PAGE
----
By Joe Beck
The state's new ban on texting while driving produced only a handful a convictions among Northern Shenandoah Valley drivers in the first six months after it took effect.
Preliminary numbers compiled by the state Department of Motor Vehicles show a total of 20 convictions in Frederick, Warren and Shenandoah counties and Winchester from July 1 through Dec. 31. The data show a total of 725 convictions statewide during the same period.
The numbers for each jurisdiction ranged from a high of eight in Frederick County to six in Warren County, five in Winchester and one in Shenandoah County.
Fairfax County, the state's most heavily populated, recorded the highest number of convictions with 168, followed by Virginia Beach with 71. The number of convictions was heavily concentrated in Fairfax and neighboring Prince William, Arlington and Loudon counties.
But the correlation between convictions and the number of people and cars in specific jurisdictions wasn't perfect. Roanoke had 17 convictions, two more than the much larger city of Richmond.
Anna Hammond, assistant commonwealth's attorney in Warren County, said she had seen few police citations for texting while driving come across her desk.
"We prosecute the cases we get," Hammond said, adding that she had no explanation for the disparity in conviction numbers between the Northern Virginia suburbs and the rest of the state.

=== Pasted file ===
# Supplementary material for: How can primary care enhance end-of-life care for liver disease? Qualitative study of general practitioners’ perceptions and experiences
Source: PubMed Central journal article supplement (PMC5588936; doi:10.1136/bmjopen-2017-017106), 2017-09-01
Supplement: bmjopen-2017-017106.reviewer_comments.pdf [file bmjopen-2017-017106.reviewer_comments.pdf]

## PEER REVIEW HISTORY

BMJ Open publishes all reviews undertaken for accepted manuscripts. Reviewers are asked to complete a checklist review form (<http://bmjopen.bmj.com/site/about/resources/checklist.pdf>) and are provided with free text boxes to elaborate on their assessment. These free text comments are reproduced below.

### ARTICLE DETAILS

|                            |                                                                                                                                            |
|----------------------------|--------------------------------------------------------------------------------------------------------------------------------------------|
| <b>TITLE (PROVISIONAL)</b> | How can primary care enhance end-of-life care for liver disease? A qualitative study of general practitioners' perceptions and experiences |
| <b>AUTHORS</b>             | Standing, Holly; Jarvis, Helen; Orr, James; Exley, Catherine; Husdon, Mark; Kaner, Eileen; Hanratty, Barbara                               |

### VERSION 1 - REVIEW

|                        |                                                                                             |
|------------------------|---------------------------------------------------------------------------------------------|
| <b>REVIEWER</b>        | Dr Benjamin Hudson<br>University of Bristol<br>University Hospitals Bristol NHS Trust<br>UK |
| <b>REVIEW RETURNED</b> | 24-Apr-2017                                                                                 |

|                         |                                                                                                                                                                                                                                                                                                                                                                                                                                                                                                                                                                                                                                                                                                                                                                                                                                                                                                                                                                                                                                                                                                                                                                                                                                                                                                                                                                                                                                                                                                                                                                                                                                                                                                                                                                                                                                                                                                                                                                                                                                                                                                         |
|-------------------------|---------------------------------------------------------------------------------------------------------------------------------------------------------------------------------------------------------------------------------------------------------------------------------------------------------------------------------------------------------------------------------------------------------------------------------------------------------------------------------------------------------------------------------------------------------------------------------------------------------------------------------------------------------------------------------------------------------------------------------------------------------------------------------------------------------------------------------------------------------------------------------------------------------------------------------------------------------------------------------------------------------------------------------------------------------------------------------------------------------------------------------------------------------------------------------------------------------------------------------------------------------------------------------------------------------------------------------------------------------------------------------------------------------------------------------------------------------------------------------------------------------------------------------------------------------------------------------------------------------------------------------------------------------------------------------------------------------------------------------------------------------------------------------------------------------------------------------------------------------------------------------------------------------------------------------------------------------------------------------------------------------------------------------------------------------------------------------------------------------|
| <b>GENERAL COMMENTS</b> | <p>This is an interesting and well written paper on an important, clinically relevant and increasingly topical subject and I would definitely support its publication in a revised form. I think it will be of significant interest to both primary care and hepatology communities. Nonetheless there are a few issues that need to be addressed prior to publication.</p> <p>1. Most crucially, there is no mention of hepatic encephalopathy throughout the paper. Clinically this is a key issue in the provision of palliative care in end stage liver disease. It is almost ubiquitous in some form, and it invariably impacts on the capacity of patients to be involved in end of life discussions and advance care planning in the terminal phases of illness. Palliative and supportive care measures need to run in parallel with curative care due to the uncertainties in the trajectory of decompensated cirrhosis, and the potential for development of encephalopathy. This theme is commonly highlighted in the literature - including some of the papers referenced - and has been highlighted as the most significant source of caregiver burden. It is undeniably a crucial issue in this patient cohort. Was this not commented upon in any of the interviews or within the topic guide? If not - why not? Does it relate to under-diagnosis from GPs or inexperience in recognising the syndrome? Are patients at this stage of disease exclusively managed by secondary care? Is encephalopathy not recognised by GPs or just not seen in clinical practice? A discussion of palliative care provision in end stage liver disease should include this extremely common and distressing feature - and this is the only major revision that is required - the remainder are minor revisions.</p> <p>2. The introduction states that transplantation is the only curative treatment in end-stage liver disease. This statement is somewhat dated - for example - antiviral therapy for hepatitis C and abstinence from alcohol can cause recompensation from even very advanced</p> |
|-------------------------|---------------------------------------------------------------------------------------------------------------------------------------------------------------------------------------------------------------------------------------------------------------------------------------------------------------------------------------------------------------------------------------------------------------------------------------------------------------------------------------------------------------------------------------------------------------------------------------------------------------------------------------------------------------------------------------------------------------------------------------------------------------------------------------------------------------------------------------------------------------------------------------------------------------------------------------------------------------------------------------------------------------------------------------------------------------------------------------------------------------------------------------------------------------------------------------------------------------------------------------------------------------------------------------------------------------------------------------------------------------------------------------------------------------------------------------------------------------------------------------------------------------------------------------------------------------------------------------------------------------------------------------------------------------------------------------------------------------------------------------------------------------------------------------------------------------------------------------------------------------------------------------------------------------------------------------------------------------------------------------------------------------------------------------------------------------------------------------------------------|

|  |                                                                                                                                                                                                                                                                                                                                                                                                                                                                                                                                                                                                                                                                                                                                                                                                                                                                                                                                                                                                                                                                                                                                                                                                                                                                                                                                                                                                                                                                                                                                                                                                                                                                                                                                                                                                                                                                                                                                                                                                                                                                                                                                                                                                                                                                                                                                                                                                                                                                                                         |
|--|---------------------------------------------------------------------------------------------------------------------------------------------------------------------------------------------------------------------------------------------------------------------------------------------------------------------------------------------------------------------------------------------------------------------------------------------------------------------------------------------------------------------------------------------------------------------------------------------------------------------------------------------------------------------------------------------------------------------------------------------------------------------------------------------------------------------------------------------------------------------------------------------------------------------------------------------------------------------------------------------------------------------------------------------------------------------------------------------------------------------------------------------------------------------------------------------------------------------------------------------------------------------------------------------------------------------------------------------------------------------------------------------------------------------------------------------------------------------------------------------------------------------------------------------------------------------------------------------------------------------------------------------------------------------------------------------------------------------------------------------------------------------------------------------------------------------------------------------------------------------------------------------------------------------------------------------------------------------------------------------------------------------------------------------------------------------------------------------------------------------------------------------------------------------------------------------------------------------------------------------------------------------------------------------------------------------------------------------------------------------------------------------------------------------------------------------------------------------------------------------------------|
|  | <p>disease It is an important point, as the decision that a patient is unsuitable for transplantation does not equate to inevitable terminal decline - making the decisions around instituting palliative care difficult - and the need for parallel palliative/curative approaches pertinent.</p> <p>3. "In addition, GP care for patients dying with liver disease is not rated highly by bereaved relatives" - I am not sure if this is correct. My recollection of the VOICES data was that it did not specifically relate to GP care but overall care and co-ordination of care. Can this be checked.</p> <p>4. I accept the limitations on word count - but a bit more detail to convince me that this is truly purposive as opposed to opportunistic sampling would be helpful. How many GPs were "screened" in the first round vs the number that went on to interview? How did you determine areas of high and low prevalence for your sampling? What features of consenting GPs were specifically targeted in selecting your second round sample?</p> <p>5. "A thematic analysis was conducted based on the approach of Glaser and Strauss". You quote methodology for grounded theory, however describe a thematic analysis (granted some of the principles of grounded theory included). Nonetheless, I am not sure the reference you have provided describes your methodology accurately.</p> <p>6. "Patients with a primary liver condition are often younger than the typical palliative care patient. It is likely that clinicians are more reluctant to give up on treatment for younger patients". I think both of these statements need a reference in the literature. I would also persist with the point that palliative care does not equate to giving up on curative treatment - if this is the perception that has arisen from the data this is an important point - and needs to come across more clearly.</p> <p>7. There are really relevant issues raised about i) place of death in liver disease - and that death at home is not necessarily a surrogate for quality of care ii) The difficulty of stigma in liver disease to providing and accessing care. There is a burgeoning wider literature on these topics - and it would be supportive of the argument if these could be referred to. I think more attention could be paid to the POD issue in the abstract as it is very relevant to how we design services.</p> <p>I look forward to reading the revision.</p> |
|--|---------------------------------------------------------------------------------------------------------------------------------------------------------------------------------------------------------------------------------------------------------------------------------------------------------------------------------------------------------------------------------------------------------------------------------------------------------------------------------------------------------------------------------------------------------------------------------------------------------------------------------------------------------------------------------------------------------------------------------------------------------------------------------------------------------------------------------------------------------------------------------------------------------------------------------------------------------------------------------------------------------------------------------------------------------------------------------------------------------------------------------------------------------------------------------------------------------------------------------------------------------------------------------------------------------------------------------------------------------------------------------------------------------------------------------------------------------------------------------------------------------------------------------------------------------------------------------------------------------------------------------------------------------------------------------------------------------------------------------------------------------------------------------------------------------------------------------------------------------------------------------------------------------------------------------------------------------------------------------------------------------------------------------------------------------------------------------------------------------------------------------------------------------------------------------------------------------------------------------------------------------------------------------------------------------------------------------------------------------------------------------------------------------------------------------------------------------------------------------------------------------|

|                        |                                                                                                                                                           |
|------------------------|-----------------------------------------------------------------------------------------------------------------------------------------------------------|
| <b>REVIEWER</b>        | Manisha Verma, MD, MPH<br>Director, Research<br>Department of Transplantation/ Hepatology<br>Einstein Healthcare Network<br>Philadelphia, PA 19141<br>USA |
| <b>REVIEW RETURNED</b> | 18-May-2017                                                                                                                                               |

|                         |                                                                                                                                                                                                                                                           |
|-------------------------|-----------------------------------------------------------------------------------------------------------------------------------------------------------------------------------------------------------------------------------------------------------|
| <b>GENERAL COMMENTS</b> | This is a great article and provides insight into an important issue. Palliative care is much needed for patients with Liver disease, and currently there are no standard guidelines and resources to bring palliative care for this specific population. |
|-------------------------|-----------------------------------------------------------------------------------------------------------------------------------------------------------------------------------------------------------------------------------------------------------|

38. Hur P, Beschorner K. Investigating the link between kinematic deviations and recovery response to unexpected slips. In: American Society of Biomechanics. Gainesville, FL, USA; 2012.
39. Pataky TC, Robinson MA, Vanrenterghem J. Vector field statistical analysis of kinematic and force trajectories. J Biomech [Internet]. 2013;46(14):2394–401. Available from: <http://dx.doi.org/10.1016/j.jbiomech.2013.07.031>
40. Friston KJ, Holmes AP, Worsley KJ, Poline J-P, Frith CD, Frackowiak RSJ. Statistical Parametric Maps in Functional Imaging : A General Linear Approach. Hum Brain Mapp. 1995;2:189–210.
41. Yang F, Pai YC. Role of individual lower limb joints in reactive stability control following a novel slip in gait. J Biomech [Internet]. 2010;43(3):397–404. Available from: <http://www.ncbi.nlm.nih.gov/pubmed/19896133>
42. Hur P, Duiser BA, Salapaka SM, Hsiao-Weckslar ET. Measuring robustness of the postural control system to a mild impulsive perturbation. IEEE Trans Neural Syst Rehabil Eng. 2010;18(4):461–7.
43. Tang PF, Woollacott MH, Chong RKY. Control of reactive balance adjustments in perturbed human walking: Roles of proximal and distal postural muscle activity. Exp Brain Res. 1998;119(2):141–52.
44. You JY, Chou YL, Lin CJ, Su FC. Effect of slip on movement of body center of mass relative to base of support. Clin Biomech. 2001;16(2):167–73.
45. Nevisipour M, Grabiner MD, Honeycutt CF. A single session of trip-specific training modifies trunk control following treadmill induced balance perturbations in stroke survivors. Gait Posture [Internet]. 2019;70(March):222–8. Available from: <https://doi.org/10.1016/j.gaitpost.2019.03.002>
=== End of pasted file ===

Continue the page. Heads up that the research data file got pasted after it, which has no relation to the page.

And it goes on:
Drivers convicted for a first offense are subject to a $125 fine and $250 for subsequent convictions.
The passage of texting-while-driving in 2013 made it a primary offense, which means police can stop drivers for the sole reason of texting. Under the previous law, police could only issue a citation if they stopped a driver for another offense. The old law carried a fine of only $20.
Martha M. Meade, a spokeswoman for AAA in Virginia, said her organization is a stronger backer of the law as a way of deterring drivers from taking their eyes off the road. She cited a 2009 Virginia Tech study showing drivers are 23 times more likely to be in a crash while texting.
Meade said she was heartened by a recent poll conducted by AAA that showed 24 percent of those surveyed had stopped texting or are doing so far less as a result of the law's passage.
"From our perspective, that is good news," Meade said, "because it means that since the law became a primary enforcement law, it's making some people change their behavior."
Contact staff writer Joe Beck at 540-465-5137 ext. 142, or firstname.lastname@example.org